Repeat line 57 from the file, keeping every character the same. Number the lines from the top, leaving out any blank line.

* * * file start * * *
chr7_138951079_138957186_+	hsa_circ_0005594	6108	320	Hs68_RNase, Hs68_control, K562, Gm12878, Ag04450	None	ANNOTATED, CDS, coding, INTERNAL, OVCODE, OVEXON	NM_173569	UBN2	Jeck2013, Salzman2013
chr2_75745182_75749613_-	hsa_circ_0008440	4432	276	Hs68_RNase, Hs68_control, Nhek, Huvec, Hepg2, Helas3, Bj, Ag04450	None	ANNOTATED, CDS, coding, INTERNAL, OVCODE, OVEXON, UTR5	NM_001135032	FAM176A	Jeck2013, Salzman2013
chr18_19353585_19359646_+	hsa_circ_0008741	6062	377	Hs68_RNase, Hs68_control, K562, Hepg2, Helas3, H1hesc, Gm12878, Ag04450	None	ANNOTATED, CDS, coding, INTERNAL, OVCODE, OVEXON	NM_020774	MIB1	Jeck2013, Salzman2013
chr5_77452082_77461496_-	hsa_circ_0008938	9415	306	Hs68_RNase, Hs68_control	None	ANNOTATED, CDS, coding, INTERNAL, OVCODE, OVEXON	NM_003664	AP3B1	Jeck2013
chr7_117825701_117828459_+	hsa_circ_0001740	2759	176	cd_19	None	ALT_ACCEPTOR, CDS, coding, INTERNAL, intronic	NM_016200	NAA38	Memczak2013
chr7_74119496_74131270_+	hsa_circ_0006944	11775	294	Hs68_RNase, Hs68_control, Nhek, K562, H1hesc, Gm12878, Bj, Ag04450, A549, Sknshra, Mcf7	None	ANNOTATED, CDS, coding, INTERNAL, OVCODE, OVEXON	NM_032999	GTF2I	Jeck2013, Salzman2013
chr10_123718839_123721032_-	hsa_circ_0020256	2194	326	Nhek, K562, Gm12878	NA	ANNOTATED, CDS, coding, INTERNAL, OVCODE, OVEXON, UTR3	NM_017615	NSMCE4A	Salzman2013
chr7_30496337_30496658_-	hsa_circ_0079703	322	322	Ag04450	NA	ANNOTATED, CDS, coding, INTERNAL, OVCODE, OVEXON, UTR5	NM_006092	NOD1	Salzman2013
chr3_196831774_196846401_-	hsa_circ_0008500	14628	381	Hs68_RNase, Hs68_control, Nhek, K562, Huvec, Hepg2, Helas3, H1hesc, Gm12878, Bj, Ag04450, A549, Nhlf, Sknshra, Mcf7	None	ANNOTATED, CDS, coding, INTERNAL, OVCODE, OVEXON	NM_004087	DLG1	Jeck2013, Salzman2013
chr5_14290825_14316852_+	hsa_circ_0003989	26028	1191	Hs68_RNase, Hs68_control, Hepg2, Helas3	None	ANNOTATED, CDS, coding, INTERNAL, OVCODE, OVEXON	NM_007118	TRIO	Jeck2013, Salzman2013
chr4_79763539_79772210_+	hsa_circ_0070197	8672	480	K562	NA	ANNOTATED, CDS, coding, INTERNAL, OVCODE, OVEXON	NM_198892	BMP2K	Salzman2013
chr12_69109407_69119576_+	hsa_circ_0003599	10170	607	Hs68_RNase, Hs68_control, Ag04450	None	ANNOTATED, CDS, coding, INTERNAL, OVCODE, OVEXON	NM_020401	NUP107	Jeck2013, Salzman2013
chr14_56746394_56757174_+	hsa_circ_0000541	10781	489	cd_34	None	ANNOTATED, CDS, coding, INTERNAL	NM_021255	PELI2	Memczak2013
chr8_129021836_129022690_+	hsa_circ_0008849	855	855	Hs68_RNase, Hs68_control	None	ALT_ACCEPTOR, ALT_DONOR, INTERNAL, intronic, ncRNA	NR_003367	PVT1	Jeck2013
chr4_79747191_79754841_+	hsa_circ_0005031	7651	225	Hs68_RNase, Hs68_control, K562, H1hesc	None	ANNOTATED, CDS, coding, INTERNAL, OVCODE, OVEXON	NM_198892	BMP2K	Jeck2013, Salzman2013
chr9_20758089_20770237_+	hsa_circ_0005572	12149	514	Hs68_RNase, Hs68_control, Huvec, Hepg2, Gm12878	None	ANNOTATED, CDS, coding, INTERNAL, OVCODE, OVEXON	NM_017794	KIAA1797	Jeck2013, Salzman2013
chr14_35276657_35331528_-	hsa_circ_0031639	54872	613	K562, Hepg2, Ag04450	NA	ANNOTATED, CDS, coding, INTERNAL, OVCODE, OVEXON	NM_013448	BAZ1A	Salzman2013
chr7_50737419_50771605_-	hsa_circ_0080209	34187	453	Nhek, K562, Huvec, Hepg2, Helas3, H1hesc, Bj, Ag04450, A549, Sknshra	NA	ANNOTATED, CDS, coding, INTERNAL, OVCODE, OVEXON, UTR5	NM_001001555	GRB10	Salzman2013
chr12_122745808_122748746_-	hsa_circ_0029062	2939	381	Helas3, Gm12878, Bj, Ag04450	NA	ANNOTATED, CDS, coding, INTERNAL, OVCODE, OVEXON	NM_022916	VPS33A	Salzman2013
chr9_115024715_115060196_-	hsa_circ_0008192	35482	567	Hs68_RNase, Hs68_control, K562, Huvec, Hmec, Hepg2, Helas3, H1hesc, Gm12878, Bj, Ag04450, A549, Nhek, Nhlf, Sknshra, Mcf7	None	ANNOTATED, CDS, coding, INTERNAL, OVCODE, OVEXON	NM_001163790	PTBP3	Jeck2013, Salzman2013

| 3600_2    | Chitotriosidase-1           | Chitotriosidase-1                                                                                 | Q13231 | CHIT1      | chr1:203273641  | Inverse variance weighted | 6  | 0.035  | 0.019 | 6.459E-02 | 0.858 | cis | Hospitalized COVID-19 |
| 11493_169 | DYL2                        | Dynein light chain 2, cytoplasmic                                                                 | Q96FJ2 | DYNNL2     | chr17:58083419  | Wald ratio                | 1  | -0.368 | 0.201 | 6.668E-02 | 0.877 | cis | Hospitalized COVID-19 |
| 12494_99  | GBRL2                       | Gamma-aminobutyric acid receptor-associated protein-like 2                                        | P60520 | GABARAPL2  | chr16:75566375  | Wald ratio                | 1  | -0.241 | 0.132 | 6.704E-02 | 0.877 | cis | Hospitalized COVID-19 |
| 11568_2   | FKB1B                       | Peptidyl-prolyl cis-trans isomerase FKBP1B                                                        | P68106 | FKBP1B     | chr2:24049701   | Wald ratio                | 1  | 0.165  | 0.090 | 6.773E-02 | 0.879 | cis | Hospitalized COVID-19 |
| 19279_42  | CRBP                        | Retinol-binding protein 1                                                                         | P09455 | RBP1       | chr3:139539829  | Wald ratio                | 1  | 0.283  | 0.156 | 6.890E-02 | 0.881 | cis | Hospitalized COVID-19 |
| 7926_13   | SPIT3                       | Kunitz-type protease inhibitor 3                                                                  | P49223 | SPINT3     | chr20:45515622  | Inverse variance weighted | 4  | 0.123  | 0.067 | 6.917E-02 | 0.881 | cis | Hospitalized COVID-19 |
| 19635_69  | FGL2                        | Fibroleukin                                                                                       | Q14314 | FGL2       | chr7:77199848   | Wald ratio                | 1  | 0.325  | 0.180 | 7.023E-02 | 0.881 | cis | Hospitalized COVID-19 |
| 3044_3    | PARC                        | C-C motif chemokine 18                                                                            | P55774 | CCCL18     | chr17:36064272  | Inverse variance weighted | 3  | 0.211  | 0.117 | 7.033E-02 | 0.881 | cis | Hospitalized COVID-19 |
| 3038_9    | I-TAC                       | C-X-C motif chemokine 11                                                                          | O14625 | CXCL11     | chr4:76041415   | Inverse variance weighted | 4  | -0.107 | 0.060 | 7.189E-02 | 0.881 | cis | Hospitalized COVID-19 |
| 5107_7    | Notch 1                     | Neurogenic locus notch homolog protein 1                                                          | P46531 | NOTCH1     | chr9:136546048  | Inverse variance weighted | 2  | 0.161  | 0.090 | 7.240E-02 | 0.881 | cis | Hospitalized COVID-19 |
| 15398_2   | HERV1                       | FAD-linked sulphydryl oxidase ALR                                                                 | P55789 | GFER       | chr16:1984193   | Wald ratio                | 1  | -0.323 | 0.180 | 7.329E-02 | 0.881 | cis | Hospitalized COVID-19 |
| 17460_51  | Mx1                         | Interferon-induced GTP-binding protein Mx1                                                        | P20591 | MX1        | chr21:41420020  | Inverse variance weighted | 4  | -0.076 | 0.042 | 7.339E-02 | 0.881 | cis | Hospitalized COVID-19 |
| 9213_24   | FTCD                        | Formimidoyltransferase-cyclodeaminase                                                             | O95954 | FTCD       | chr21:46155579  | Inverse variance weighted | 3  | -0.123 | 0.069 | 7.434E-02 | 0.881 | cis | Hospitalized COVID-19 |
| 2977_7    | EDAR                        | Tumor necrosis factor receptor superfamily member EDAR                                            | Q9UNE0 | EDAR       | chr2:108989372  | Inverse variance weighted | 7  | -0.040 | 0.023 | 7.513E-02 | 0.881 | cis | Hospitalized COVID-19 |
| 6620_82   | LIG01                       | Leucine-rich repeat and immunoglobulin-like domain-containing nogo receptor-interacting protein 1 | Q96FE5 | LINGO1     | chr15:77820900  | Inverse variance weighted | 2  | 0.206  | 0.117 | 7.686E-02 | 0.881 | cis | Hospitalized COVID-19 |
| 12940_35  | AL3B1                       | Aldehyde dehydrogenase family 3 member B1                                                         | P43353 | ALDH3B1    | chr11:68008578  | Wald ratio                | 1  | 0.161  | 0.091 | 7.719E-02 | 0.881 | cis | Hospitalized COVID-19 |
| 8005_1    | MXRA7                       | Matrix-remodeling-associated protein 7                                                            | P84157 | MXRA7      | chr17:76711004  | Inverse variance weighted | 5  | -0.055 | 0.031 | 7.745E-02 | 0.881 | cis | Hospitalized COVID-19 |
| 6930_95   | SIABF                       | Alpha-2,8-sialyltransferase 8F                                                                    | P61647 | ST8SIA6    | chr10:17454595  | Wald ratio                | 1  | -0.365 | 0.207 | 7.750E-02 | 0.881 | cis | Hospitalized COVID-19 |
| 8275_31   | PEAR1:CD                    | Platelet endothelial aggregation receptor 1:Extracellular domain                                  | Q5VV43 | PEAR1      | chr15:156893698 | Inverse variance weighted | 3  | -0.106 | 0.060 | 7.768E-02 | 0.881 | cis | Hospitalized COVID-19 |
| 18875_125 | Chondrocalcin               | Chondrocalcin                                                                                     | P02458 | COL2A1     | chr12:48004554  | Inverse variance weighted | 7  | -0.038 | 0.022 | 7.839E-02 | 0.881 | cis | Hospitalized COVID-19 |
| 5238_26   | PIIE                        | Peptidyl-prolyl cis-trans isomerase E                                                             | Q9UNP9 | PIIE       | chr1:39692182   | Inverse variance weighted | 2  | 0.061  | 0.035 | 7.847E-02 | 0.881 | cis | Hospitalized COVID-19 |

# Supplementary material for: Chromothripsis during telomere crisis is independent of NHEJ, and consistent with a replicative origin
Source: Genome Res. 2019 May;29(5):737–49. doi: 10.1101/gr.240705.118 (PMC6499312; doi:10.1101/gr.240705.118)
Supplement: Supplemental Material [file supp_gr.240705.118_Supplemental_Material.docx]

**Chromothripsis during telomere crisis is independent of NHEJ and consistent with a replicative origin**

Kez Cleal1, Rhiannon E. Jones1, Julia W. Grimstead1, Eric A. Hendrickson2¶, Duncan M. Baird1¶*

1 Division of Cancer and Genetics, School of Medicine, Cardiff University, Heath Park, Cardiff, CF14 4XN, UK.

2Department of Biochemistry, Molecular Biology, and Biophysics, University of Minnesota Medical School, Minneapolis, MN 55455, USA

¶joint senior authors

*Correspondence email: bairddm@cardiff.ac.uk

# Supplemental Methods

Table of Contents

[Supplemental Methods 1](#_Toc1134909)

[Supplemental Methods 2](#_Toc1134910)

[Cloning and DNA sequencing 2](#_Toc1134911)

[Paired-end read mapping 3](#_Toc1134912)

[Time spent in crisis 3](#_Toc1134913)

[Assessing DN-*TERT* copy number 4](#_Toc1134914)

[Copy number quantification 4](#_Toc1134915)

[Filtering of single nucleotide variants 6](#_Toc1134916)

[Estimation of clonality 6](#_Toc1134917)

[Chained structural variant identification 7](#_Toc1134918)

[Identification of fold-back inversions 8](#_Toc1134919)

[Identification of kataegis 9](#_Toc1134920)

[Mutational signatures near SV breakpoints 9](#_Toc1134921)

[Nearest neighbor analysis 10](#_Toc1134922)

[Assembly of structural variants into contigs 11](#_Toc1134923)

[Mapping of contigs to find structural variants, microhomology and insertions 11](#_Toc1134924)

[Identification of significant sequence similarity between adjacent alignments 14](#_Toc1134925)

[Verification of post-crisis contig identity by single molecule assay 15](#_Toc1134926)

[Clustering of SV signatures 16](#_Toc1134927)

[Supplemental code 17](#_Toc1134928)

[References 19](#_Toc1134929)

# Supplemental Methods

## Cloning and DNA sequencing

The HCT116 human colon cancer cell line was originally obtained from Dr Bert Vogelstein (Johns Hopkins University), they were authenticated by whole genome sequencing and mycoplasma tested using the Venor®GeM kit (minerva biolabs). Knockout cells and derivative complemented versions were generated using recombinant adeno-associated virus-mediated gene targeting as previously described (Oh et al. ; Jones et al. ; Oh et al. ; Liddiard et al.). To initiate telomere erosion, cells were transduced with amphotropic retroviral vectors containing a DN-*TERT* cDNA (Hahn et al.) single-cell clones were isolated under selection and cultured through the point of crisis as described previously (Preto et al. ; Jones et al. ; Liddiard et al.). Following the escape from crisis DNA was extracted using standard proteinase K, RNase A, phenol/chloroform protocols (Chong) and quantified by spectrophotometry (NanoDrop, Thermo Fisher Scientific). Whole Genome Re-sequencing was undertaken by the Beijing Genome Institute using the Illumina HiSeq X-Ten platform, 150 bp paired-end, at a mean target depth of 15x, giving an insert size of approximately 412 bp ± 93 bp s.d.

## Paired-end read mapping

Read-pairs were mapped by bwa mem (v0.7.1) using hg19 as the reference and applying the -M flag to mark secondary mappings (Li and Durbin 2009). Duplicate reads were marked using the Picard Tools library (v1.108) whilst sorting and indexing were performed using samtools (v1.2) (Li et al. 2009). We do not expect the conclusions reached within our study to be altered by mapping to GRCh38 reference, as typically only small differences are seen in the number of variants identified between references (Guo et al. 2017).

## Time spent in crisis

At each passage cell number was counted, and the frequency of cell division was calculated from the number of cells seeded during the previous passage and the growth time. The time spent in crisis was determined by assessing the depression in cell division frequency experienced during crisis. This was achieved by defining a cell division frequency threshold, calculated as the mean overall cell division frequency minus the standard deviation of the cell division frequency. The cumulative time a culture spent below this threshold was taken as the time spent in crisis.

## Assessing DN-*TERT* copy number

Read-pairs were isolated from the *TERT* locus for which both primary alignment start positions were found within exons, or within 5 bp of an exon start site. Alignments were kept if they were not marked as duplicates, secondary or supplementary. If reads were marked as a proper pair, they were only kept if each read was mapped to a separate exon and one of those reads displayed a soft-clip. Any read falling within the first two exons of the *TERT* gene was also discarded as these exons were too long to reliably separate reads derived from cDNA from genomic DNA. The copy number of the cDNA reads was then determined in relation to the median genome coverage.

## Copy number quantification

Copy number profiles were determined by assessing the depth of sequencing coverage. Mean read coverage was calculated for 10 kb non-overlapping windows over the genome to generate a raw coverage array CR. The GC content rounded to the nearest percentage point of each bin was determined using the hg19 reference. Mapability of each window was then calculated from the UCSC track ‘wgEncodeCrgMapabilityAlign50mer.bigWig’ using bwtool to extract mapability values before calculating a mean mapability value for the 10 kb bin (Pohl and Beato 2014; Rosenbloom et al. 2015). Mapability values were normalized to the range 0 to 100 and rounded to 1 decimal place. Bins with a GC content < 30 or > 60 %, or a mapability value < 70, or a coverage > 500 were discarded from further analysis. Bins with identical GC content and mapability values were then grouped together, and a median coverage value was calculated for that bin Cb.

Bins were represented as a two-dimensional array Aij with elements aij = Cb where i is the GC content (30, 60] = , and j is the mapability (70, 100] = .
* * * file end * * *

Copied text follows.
[Time spent in crisis 3](#_Toc1134913)